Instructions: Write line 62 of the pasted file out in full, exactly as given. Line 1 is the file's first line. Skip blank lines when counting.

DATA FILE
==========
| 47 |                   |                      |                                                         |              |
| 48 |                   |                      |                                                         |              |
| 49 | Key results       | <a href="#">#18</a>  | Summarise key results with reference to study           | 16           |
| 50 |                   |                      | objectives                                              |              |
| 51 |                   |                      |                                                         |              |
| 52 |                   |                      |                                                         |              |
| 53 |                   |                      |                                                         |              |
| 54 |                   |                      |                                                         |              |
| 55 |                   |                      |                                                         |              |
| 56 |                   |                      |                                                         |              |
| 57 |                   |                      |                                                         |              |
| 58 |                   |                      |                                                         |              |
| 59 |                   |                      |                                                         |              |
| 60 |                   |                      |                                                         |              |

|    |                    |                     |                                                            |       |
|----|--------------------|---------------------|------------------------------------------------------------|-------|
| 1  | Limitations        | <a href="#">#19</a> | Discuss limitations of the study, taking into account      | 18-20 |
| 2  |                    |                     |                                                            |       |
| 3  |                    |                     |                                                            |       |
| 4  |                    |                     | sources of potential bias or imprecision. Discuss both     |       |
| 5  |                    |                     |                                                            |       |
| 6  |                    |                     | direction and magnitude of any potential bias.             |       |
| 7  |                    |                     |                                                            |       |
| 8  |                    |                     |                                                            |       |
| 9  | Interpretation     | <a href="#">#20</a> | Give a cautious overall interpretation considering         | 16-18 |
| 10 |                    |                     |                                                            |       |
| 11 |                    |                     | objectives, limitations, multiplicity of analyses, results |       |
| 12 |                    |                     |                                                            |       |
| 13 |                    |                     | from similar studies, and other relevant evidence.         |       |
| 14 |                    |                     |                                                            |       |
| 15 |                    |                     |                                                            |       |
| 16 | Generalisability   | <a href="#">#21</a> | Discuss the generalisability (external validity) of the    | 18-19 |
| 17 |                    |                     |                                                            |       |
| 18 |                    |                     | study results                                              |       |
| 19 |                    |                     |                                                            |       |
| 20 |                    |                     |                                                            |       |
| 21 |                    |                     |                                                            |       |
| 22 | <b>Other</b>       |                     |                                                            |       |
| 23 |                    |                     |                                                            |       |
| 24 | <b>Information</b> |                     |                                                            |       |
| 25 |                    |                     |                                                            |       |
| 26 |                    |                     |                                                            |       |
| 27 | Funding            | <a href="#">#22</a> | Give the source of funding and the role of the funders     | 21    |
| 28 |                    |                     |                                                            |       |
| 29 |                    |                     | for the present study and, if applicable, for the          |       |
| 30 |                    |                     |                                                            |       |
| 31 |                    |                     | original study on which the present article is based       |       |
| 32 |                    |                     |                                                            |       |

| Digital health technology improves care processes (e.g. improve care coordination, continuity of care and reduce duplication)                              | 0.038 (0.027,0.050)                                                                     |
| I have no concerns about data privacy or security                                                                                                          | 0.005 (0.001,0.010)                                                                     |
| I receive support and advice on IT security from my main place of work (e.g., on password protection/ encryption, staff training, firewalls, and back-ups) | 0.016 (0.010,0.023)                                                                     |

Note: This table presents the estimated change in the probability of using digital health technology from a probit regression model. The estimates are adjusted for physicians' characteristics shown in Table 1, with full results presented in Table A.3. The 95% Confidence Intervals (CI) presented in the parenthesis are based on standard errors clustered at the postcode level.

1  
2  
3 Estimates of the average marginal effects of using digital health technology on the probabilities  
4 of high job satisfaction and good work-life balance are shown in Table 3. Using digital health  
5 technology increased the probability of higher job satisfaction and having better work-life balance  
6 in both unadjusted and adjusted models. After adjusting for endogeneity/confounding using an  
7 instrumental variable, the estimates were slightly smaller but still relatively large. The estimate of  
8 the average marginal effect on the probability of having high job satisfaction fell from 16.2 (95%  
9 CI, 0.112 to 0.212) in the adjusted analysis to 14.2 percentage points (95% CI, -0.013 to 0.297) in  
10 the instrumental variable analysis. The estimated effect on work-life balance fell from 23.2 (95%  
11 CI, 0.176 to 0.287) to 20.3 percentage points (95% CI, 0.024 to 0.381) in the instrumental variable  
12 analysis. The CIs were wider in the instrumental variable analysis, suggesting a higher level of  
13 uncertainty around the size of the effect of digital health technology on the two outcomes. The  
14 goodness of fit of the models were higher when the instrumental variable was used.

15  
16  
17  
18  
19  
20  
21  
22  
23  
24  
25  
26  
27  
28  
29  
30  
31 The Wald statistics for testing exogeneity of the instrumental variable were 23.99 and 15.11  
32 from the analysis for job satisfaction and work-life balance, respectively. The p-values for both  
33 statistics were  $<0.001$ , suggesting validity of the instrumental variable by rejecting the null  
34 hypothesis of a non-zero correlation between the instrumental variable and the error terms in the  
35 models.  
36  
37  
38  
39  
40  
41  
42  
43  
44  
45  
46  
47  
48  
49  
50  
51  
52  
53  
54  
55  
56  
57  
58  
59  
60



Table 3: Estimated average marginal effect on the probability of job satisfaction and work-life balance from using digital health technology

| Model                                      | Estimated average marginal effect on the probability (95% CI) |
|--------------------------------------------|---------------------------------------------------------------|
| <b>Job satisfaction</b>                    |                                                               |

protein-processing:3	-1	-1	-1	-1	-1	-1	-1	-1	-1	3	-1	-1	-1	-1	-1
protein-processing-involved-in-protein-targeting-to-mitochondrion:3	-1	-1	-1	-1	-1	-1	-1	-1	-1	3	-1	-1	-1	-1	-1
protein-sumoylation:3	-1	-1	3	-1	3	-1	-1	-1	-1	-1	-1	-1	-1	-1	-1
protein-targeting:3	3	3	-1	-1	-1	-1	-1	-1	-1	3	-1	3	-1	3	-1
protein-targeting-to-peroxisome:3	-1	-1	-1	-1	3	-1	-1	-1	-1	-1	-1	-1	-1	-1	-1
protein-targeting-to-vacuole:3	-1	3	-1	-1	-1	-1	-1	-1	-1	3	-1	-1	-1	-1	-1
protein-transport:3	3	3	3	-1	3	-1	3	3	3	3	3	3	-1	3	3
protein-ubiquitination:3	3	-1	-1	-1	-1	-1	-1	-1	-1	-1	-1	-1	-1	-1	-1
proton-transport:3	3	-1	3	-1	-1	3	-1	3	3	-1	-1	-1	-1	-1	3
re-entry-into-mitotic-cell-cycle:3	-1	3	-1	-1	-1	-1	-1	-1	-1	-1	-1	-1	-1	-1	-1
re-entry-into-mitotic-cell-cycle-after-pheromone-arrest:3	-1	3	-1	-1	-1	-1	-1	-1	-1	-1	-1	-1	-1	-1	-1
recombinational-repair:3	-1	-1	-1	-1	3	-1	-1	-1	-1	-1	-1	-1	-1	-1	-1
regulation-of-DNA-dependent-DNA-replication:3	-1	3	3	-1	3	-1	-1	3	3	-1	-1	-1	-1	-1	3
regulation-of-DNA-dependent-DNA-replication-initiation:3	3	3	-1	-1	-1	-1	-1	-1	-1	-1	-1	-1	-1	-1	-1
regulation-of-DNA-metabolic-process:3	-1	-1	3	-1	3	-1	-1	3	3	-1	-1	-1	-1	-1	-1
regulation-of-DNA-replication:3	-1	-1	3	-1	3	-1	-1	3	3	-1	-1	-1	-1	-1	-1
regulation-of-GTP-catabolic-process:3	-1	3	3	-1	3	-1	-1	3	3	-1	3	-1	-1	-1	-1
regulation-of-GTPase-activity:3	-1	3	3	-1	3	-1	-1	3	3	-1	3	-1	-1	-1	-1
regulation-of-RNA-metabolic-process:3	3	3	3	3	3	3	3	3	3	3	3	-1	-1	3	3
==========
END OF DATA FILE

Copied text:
10 the instrumental variable analysis. The estimated effect on work-life balance fell from 23.2 (95%  